Coal ash—the toxic byproduct of coal-fired power plants—has contaminated drinking water supplies at hundreds of sites across the country. If you live near an unlined coal ash pond, there is a 1 in 50 chance of developing cancer from drinking contaminated water. This is 2,000 times higher than acceptable risk levels!
The Latest On: Coal Ash Regulations
On Friday, in a 267–144 vote, a majority of House members voted to keep allowing coal ash to pollute our drinking water. The passage of the Coal Residuals Reuse and Management Act (H.R. 2273) lets states choose to adopt a disposal standard less protective than those for household garbage.
Earthjustice President Trip Van Noppen is strongly denouncing a vote in the U.S. House of Representatives today, passing H.R. 2273, which would prevent the Environmental Protection Agency from strongly regulating coal ash:
The anticipated vote on H.R. 2273, the Coal Residuals Reuse and Management Act, will be upon us Friday. The bill (sponsored by Rep. David McKinley (WV-R)) would prevent the EPA from establishing a strong national rule to protect American’s health and drinking water from the nation’s second largest industrial waste stream: coal ash.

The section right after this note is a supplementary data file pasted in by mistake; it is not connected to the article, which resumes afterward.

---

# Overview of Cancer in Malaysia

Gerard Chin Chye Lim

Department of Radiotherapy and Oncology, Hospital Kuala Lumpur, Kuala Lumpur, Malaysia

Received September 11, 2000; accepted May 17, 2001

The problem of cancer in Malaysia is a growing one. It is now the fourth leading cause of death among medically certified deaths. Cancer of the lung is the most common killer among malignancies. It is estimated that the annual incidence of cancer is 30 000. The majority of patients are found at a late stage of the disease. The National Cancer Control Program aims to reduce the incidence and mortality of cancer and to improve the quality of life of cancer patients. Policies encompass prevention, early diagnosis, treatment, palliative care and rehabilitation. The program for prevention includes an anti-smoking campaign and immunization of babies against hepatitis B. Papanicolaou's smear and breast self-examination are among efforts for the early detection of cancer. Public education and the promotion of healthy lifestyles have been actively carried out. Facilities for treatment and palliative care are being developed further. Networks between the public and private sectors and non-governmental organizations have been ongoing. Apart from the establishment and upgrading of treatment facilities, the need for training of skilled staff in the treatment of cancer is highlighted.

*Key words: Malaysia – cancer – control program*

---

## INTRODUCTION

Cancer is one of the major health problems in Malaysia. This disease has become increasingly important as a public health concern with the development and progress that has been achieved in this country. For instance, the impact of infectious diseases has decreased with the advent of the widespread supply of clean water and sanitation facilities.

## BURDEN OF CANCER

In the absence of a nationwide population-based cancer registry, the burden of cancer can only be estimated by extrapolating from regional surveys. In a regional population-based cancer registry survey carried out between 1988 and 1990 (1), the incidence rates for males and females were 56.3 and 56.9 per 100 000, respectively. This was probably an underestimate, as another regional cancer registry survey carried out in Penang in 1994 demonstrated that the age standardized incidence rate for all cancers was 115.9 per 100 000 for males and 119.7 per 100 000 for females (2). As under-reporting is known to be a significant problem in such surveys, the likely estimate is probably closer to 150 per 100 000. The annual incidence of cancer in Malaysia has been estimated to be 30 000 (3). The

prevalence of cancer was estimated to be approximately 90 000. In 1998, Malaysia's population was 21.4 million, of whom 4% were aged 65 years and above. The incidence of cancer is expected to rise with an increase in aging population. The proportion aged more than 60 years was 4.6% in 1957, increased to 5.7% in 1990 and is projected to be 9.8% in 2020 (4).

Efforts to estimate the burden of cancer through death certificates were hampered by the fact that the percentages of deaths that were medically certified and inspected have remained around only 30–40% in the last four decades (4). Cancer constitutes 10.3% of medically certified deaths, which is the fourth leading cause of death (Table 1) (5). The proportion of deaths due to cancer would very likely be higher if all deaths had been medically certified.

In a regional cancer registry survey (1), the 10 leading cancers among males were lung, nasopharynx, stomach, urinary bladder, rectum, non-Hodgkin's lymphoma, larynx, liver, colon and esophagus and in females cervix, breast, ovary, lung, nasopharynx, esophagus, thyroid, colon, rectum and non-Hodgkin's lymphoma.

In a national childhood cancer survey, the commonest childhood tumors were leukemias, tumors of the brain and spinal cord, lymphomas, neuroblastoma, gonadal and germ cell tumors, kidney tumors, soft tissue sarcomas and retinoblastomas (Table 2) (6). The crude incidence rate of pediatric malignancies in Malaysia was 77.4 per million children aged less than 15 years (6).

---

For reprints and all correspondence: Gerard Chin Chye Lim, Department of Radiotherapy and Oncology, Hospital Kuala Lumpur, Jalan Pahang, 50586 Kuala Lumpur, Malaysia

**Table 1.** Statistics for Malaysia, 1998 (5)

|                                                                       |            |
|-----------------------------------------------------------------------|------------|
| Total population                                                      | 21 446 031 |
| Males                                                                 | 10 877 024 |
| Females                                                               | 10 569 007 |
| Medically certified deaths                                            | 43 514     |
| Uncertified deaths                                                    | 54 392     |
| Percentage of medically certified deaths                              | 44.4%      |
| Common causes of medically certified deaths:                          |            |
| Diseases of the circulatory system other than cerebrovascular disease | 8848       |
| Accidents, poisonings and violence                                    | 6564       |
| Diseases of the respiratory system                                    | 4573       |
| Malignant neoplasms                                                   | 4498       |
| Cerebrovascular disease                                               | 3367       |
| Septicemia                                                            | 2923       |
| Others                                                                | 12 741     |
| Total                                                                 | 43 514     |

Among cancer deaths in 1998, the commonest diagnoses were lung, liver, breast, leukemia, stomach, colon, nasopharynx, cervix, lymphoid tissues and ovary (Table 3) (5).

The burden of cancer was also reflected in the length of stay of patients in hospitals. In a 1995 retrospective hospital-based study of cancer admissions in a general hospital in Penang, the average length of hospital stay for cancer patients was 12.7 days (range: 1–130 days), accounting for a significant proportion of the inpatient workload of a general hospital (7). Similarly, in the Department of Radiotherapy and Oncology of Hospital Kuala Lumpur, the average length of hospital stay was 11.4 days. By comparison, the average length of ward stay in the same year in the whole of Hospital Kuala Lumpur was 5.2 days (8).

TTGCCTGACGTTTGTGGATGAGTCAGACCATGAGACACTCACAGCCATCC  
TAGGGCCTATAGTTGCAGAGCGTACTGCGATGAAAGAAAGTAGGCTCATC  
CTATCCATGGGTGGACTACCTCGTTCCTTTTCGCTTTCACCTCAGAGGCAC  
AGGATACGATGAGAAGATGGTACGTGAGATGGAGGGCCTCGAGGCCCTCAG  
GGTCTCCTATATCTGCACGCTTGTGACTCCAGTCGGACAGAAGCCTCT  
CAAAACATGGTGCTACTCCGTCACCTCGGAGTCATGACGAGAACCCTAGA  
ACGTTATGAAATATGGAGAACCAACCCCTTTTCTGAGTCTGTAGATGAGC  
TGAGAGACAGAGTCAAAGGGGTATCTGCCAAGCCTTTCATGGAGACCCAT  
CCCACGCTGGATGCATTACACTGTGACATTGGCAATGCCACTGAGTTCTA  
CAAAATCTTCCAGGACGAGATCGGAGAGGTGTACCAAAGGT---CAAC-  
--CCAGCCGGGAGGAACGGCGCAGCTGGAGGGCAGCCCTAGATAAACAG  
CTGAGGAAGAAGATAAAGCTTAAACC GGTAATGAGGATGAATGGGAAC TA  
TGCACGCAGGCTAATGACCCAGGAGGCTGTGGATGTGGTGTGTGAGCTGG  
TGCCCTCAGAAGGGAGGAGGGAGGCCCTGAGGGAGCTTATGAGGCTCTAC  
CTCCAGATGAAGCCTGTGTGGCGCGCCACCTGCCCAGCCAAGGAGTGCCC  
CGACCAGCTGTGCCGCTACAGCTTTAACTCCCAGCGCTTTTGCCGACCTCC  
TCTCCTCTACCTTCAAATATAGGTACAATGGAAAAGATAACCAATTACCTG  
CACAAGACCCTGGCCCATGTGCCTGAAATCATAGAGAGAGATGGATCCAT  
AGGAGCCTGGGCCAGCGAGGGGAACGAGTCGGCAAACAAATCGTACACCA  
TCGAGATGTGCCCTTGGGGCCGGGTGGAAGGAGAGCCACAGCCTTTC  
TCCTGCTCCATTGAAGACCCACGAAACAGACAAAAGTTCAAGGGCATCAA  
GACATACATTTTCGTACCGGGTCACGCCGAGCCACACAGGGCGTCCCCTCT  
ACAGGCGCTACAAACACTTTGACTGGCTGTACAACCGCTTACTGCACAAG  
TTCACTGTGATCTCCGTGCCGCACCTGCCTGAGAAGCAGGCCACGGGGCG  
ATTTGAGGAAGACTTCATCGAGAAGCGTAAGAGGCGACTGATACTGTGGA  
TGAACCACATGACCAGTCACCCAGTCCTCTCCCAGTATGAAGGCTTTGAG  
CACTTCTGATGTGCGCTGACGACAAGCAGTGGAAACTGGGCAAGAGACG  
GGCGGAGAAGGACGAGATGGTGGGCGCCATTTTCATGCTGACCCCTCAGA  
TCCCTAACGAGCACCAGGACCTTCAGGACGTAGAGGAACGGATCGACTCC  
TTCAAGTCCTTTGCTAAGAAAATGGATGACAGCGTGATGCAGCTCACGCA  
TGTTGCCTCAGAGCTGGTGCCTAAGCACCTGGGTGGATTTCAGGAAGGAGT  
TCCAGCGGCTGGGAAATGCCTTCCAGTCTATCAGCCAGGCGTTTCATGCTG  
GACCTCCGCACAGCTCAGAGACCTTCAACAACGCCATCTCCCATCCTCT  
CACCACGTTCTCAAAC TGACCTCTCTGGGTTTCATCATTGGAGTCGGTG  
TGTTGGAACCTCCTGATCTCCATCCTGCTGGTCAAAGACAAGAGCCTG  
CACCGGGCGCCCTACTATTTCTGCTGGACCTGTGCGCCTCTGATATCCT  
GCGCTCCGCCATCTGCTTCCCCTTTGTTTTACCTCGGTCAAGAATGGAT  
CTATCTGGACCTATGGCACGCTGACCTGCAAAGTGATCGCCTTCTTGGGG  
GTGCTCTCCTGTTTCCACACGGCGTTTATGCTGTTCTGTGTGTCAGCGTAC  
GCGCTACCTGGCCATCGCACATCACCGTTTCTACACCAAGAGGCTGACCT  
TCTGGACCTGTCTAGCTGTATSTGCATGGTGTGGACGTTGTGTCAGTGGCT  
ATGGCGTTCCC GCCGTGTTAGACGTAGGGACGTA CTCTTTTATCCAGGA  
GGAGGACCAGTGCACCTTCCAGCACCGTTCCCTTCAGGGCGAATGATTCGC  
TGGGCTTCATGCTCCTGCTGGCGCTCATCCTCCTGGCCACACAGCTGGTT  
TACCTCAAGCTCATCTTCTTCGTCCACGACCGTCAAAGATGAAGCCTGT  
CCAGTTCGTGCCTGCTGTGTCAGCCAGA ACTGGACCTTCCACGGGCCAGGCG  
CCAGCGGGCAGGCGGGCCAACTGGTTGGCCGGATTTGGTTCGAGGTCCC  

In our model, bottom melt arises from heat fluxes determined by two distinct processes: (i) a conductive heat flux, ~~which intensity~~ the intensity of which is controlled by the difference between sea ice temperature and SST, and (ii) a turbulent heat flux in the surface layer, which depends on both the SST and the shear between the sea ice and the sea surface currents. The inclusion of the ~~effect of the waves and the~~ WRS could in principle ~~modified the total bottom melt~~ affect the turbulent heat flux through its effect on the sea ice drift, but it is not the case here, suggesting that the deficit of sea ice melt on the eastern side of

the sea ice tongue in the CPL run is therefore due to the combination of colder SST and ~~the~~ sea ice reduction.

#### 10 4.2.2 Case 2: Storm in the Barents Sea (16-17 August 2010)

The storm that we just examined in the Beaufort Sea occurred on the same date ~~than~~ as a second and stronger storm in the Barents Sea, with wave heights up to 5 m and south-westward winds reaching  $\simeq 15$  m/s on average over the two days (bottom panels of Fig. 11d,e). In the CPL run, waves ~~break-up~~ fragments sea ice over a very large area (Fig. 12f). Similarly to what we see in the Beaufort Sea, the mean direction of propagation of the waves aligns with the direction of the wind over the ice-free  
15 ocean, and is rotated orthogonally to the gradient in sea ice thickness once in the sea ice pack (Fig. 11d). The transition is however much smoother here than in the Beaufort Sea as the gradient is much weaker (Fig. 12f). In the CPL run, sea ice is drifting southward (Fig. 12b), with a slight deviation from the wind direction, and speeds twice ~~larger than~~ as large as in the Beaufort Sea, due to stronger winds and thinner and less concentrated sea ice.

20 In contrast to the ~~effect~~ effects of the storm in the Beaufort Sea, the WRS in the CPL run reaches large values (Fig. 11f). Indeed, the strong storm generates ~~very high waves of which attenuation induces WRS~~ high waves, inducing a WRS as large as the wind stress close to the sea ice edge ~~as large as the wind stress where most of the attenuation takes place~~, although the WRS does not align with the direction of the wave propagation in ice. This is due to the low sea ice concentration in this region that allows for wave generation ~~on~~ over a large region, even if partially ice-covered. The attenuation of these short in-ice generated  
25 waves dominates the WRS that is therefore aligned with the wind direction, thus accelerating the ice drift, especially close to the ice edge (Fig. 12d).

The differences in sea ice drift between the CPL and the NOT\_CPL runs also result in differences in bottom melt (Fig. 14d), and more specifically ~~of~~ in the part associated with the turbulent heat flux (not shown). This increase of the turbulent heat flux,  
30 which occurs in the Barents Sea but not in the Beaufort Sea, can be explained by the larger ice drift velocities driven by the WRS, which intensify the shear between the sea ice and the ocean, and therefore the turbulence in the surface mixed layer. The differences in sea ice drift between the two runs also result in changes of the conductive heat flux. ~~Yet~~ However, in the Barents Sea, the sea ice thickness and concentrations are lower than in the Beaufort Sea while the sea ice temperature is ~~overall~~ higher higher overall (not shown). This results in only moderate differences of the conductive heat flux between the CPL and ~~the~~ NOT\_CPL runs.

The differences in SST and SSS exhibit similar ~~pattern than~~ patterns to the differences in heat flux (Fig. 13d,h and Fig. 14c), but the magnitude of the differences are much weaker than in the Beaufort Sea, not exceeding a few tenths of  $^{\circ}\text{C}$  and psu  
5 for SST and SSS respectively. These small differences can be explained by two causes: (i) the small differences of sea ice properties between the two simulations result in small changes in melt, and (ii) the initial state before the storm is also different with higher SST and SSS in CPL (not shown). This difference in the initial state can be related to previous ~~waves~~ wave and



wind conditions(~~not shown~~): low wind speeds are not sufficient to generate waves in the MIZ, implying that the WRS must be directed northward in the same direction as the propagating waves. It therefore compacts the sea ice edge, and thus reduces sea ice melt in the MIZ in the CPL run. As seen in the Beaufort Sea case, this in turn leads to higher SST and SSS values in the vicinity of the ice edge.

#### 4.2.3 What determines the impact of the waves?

East Tennessee is not known for its population of environmental activists, but last fall hundreds of people turned up in Knoxville to ask the Environmental Protection Agency (EPA) to adopt a special waste designation for coal ash. Support for EPA’s public health and environmental safeguard is strong here because the 2008 Kingston coal ash disaster occurred in our backyard, making the danger of toxic coal ash blatantly clear.
The TVA Kingston trial has gotten off to a interesting, yet unsettling start. The trial consists of five cases, representing 250 plaintiffs who are suing TVA over the 2008 coal ash disaster that occurred in Knoxville, TN.
Testimony began last week, and proceedings are expected to continue anywhere from the next few weeks to the next few months. Representatives from TVA have been the first to testify, and so far it has been laden with blame-passing statements that characterize the disjointed nature of the TVA departments.